“Aaron Rodgers, he is a very difficult quarterback to bring down,” Griffen said. “He’s a pocket passer, and he’s also even excellent when he escapes the pocket. The way their tackles set, they set to make you feel like you want to come inside because they know that Aaron, he can escape outside. I feel like our main concern is just to focus on us, focus on beating the guy in front of you and doing your job and executing your assignment. Focus on just pushing the pocket and getting in Aaron’s face to be able to disrupt him during the passing time.”

Rodgers’ mobility has always been a factor, but at 37 years old, he’s not running like he used to. His rushing numbers have declined four straight seasons and he’s on pace for a career-low in that department. 

But as the aforementioned sack total illustrates, his movement skills are still a problem for opponents. 

“I can show you 50 clips from this year when he’s standing back there and moving his feet in the pocket and just buying time,” Lions defensive coordinator Cory Undlin said. “I would say the biggest thing is he doesn’t have to (run). He’s got a lot of weapons out there and he is surgical if you want to start bringing more pressure, whether it’s five guys or six guys, the ball is out.”

When Rodgers is able to buy time, he’s able to unlock one of the more dangerous elements of the Packers’ offense — the scramble drill. You’d be hard-pressed to find a team in NFL history that has consistently executed the broken play better than the Packers with Rodgers.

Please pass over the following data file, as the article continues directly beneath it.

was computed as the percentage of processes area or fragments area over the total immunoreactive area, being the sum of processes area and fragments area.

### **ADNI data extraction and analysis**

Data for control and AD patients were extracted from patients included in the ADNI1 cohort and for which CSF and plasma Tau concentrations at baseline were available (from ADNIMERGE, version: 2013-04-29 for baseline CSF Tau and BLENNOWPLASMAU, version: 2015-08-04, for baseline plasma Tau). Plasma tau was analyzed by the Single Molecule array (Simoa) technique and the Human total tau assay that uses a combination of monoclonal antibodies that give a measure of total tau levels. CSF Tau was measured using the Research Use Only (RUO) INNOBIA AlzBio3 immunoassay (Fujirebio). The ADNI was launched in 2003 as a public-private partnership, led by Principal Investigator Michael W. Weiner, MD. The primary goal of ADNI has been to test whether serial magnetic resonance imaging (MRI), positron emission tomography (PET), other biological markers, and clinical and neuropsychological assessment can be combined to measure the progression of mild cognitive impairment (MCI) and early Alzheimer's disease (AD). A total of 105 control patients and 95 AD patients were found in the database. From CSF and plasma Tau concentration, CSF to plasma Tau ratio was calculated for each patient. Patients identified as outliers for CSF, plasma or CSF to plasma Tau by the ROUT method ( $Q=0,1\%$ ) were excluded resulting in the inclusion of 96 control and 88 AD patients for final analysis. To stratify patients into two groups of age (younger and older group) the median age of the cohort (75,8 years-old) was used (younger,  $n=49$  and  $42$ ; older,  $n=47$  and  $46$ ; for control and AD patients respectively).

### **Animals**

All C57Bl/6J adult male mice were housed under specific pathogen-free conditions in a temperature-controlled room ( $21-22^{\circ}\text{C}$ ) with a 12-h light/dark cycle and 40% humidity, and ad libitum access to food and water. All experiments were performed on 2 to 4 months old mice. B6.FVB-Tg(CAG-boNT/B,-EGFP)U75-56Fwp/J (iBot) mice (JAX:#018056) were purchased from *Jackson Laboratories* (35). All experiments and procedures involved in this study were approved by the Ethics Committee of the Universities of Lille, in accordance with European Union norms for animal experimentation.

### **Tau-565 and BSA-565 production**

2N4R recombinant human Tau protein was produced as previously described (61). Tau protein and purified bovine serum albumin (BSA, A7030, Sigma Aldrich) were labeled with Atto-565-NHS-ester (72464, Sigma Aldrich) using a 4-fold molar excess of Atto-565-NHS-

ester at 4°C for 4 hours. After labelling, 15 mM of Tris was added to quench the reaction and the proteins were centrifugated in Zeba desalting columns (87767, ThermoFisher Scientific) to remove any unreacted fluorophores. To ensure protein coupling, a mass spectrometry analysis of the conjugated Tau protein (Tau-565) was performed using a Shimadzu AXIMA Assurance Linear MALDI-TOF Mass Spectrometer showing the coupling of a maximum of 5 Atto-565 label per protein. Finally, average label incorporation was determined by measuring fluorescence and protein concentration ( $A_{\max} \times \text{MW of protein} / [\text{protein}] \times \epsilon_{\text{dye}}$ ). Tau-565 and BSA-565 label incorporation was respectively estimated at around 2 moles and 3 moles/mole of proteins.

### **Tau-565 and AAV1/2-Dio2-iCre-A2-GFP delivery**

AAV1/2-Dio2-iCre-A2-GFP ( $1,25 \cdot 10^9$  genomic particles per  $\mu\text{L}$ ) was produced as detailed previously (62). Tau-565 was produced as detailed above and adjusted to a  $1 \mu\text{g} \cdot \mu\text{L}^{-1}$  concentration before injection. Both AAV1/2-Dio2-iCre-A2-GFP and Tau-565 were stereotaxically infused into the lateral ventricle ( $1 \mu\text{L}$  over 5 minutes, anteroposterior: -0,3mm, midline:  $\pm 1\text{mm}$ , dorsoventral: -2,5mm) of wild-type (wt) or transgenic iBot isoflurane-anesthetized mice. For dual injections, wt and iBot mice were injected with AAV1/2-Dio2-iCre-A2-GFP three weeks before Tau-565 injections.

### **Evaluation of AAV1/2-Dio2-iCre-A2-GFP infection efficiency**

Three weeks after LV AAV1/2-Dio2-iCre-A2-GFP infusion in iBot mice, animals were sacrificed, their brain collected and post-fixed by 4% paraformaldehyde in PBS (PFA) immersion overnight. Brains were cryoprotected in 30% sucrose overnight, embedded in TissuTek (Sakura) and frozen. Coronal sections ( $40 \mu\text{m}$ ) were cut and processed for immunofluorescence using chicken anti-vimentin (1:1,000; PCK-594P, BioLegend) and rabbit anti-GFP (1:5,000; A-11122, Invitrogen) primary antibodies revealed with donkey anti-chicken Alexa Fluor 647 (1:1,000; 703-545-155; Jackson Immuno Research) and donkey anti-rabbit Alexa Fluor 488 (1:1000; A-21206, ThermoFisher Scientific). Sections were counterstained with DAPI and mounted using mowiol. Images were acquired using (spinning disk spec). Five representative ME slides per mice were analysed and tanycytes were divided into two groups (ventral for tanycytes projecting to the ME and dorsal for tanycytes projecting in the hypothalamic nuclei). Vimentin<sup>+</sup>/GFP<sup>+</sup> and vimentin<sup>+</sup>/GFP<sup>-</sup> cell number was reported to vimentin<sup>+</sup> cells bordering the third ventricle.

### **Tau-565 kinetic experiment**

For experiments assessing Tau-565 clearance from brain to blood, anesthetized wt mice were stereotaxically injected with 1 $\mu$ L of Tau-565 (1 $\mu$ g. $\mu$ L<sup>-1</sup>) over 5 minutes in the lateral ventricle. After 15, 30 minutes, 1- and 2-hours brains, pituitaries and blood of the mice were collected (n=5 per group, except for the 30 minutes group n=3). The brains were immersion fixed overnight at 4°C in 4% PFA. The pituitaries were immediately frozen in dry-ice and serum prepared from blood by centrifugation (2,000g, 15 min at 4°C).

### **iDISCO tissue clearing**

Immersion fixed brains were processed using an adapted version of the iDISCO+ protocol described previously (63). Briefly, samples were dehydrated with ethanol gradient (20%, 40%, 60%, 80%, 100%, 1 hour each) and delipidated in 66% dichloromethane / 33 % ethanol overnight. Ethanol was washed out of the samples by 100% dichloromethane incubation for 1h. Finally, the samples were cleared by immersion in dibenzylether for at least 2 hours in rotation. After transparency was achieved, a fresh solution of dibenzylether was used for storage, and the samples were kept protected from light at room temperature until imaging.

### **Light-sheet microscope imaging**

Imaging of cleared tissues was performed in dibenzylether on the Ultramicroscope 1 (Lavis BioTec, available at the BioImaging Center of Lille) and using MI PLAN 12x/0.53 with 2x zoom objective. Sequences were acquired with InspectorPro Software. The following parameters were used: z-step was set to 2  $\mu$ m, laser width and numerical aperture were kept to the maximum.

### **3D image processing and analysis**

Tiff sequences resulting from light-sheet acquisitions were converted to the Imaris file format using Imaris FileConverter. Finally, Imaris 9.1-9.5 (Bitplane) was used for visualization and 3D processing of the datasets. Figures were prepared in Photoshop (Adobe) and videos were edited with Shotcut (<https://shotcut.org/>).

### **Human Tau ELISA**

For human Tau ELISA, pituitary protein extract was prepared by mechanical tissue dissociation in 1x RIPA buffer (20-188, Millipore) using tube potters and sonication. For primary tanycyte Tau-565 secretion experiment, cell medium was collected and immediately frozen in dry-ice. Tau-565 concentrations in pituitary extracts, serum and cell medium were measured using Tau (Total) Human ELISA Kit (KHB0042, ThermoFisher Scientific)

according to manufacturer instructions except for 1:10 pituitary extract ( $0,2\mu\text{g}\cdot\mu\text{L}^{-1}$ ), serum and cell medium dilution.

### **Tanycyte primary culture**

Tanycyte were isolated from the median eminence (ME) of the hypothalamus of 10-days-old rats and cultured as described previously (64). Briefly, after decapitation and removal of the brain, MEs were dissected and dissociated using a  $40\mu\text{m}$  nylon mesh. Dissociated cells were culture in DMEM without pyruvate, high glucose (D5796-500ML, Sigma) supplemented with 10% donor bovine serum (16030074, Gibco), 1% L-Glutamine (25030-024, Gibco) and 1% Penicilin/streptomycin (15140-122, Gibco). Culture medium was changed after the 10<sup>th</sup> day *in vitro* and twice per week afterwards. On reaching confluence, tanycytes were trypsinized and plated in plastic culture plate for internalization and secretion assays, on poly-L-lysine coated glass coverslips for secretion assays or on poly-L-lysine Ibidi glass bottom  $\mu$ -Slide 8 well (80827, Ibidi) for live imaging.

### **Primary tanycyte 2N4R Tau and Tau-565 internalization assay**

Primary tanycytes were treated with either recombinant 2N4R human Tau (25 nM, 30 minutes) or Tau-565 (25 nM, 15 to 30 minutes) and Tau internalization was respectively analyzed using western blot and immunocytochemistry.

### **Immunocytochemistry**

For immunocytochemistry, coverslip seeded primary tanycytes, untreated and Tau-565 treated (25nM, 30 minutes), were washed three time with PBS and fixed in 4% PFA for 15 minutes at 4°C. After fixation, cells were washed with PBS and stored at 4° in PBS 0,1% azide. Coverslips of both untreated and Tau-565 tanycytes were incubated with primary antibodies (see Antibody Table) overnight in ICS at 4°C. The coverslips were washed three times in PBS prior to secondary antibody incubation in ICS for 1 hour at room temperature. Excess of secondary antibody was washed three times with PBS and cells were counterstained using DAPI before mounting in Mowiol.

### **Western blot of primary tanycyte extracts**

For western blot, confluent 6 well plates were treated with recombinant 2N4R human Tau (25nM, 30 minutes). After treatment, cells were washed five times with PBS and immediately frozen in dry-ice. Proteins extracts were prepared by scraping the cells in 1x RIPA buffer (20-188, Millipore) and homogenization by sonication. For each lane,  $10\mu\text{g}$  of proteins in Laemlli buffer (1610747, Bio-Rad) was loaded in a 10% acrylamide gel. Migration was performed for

When he escapes the pocket, the inherent ability of his receivers knowing where to go is second to none, leading to big gain after big gain when most quarterbacks would be looking to throw the ball away in those situations. 

“Obviously him and his receivers are always on the same page, they obviously work on that stuff and they have a system for how they do it,” Lions defensive backs coach Steve Gregory said.  “For us, really on the back end, the biggest thing is when those things happen, and things break down, really playing with good eye discipline. … We call it ‘plaster on your receiver’ that you play with good eye discipline, you’re not looking back at the quarterback so that the receiver can break away from you. Really just got to be disciplined in that area.” 

Combine all that with one of the best receivers in the game in Davante Adams, as well as one of the league’s best dual-threat running backs in Aaron Jones, and the Packers are an offensive juggernaut, averaging a league-high 31.6 points per game. 

The Lions experienced that first-hand earlier this year, when the Packers racked up 488 yards and hung 42 points on them in Week 2. 

So after giving up 30 to the Bears last week, and 41 to the Houston Texans the week before that, it begs the question: How are the Lions going to slow Rodgers and the Packers? Who knows, but their slim playoff hopes depends depend on it. 

Packers at Lions

Kickoff: 4:25 p.m. Sunday, Ford Field, Detroit

TV/radio: Fox/WJR 760

Records: Lions 5-7; Packers 9-3

Line: Packers by 7.5